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Breaking down the racial barriers to Whale and Dolphin Conservation

Breaking down the racial barriers to Whale and Dolphin Conservation

The recovery of whale populations is key to mitigating climate change. Climate change disproportionately impacts...
Orca Action Month save the date - June 2020

Orca Action Month goes online!

Whamily, it’s almost that time again – time to celebrate, honor, and dive in to...
CW working from home

Supporting Our Supporters as We Work to Protect Whales and Dolphins

WDC-NA staff's new "offices" Working remotely is definitely an adjustment but I also know me...
Dolphins sync when they work together

Dolphins sync when they work together

A new study has shown male bottlenose dolphins synchronise their physical and verbal actions when...
COVID 19- Canceling WDC Travel, Not Momentum

COVID 19- Canceling WDC Travel, Not Momentum

I am writing this on the evening of Tuesday March 10th, just hours after the...
Record breaker Riptide the orca swims from Iceland to Lebanon

Record breaker Riptide the orca swims from Iceland to Lebanon

A male orca, commonly known as Riptide, has been spotted in waters around Beirut, Lebanon,...
How do you thank someone who has changed your life?

How do you thank someone who has changed your life?

*This is the third part of a three-part blog series. You can read the first...
Dipping my toes into the policy pool

Dipping my toes into the policy pool

Just a few short months after I packed everything I owned and drove from California...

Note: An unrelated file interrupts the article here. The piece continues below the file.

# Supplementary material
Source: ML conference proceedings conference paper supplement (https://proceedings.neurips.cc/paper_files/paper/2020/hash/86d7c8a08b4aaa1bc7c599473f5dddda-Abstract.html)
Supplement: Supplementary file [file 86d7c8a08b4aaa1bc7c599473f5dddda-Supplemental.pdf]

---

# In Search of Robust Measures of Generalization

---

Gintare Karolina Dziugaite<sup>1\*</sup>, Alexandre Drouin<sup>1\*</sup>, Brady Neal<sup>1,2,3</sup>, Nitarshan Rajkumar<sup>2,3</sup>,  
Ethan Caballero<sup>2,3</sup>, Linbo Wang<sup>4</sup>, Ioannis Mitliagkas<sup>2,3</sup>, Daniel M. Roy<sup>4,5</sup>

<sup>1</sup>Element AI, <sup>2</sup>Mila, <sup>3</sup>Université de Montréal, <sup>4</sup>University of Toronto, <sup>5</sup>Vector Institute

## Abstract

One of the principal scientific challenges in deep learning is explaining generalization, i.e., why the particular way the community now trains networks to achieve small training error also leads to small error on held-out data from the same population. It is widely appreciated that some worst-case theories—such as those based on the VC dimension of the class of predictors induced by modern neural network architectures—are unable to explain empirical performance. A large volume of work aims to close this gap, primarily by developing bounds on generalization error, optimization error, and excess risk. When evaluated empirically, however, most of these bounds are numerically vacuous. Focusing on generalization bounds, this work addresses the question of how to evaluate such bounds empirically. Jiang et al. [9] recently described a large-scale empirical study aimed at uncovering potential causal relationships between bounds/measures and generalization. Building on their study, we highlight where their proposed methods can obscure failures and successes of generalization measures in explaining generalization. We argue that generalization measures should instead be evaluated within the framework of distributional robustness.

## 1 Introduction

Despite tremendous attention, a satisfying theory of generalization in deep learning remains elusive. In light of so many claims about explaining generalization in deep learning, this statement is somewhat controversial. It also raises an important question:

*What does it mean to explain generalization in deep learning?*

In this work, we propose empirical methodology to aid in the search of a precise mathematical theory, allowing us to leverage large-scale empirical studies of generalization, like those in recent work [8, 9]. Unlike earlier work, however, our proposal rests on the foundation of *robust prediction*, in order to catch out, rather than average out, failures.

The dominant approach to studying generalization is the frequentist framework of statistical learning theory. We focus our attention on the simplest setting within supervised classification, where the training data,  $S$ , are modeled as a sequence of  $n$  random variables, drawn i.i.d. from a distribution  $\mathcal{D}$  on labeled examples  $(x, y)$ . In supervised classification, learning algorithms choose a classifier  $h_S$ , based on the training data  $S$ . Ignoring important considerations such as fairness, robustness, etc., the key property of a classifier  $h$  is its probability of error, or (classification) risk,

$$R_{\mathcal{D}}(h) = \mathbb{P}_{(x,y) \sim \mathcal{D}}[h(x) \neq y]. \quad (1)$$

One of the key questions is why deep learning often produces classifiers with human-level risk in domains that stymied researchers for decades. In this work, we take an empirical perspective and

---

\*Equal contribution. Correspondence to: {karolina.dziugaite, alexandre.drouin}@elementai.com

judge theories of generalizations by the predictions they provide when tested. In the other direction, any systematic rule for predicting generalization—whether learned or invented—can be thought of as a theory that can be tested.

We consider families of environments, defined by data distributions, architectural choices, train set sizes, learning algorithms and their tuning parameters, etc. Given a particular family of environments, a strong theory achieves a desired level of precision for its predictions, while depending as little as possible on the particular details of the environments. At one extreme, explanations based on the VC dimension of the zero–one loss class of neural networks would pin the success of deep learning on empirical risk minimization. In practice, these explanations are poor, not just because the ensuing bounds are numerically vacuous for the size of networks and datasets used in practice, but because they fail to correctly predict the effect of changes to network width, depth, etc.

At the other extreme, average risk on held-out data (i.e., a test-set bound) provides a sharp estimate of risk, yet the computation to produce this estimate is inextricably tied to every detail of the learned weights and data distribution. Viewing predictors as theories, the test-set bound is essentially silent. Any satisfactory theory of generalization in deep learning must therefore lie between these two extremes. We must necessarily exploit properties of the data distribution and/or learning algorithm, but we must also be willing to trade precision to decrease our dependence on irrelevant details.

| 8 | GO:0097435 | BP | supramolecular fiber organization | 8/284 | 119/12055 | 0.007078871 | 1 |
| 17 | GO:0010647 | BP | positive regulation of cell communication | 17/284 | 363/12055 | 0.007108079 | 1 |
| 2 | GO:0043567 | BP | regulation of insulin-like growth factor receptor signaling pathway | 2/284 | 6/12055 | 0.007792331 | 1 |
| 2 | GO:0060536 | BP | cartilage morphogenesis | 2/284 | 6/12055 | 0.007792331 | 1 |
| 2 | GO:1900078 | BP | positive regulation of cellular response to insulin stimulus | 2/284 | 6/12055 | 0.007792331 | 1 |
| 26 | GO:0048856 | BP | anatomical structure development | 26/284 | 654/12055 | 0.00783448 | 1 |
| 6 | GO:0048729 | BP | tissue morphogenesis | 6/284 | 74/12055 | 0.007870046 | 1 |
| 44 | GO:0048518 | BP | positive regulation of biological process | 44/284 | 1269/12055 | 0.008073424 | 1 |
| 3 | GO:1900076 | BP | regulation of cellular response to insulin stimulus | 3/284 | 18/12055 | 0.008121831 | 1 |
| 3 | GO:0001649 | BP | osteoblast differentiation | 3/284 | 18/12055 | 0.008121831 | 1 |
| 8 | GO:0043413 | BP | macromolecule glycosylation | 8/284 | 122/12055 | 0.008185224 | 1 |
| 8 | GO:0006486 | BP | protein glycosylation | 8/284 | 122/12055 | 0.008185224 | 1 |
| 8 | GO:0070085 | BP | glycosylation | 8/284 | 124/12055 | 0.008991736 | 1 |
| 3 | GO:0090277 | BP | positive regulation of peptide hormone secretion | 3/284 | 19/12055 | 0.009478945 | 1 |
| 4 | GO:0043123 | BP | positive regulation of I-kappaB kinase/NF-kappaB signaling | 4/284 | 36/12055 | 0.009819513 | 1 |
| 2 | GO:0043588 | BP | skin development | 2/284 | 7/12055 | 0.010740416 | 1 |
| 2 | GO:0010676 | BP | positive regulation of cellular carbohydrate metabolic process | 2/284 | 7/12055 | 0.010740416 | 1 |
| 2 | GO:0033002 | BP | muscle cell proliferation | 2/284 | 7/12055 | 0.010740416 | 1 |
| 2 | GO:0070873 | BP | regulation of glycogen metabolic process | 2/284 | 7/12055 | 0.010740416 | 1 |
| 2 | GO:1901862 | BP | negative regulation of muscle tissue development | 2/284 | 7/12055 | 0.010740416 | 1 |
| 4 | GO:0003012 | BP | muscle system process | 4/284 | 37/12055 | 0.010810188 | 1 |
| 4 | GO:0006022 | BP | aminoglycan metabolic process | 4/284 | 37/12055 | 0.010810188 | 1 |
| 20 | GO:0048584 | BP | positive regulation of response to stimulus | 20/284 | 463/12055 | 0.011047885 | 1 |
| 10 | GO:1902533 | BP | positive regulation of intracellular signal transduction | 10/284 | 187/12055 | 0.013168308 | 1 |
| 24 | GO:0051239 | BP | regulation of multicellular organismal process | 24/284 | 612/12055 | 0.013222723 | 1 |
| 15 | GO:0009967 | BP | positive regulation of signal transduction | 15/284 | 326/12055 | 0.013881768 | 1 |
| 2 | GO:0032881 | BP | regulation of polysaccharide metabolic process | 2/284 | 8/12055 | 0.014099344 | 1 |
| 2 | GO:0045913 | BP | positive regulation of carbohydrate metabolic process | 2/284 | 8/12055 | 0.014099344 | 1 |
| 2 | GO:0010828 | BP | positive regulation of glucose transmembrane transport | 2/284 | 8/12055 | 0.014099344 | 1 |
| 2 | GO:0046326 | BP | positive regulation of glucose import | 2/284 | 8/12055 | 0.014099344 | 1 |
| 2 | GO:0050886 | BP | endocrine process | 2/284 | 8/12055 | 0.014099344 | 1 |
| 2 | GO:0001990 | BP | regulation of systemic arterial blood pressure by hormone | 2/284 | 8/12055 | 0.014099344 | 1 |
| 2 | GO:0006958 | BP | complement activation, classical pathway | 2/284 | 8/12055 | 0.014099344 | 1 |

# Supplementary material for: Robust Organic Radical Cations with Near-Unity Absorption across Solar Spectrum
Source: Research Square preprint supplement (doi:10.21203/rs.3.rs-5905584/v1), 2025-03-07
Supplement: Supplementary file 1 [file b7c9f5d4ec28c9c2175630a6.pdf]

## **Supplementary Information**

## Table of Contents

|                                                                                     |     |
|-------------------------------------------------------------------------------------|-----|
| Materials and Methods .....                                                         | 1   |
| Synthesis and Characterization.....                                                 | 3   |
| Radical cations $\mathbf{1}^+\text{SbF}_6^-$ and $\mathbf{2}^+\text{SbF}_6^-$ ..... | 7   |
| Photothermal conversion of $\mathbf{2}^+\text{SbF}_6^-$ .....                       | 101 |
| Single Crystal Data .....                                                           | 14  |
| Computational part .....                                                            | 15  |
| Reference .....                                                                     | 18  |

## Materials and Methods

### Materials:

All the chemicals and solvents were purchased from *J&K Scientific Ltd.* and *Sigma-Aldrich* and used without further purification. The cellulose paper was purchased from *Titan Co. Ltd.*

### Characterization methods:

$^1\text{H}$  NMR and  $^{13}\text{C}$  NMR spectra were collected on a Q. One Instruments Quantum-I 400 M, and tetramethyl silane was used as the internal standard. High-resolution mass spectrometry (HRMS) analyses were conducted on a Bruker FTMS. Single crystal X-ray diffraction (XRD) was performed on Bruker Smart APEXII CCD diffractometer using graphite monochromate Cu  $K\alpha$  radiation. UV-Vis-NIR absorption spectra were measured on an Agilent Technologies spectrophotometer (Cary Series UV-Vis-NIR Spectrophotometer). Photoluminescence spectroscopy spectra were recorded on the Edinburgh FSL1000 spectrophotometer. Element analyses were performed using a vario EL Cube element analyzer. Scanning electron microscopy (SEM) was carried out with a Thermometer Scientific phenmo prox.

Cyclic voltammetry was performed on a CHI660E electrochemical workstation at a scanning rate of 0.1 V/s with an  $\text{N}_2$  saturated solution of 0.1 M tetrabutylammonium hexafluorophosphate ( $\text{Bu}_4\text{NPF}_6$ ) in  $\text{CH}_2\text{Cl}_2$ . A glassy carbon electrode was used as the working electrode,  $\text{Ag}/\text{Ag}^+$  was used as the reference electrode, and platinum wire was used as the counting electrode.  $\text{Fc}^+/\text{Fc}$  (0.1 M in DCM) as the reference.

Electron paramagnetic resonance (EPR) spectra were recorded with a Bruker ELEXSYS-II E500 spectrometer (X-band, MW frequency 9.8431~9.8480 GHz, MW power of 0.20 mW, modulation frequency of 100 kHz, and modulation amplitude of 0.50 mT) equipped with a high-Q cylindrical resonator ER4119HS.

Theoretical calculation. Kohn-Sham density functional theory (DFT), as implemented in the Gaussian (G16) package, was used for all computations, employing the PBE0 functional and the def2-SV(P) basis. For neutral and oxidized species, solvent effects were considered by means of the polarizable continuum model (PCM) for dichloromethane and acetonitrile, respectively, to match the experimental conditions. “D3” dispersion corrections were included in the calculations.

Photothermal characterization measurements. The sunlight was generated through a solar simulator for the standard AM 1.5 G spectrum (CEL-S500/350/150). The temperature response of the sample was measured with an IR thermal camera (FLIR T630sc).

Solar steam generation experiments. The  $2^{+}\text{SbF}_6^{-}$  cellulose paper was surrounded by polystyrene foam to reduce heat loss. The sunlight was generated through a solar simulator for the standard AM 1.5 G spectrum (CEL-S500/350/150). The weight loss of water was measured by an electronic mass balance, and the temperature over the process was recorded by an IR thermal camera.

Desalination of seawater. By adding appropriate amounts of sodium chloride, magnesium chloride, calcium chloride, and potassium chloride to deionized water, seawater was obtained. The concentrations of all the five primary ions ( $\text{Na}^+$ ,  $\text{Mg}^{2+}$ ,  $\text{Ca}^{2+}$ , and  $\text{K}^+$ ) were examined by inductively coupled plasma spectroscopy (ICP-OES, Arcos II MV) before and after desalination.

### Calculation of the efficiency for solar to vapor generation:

Turning the tide in St Vincent and the Grenadines

 

St Vincent and the Grenadines (SVG) is a beautiful island nation in the Eastern Caribbean.  Humpback whaling began on Bequia, its second largest island, in 1875 when William Wallace, a Scottish settler, returned to the island after working on an American whaling vessel. He established a whaling company and passed on techniques for hunting both humpback and sperm whales to his crew, later partnering with French settler, Joseph Ollivierre, who also established a whaling station on the island.

SVG joined the International Whaling Commission (IWC) in 1981 and since then, has been awarded a “subsistence quota” for humpback whales, despite the fact that the nation fails to meet the criteria for so-called Aboriginal Subsistence Whaling (ASW).  In this context, a 50-foot female humpback whale was caught off Bequia last week.

Thankfully, the more positive news is that, since the early 1990s, commercial trips to view marine wildlife, have been operating and are steadily increasing in popularity. In recent years, a whale watch training programme has been developed with the help of international experts, in response to a request from two local organisations, the SVG National Trust and the SVG Preservation Fund.

Several species of whale and dolphin are found in the waters of SVG: some are present year-round, including spinner dolphin, pantropical spotted dolphin, bottlenose dolphin, short-finned pilot whale and orca (killer whale); whilst sperm whales and humpback whales are seasonal visitors.

Importantly, these trips have a broad focus and so passengers are encouraged to spot local birdlife as well as keeping a look-out for whales and dolphins.  For example, the ferry crossing from Kingstown (the capital) to Port Elizabeth offers a great chance to watch dolphins; whilst back ashore, visitors can experience the island’s rich history and visit local museums and the old whaling factory.

In January this year, Prime Minister Gonsalves commented: “A lot of our young folk are interested not so much in the actual traditional whaling, but in whale watching, which is a legitimate activity.” He made other encouraging noises in favour of whale watching, which indicate government support for futher developing whale watching in SVG, a move which will enormously benefit local communities as well as the whales.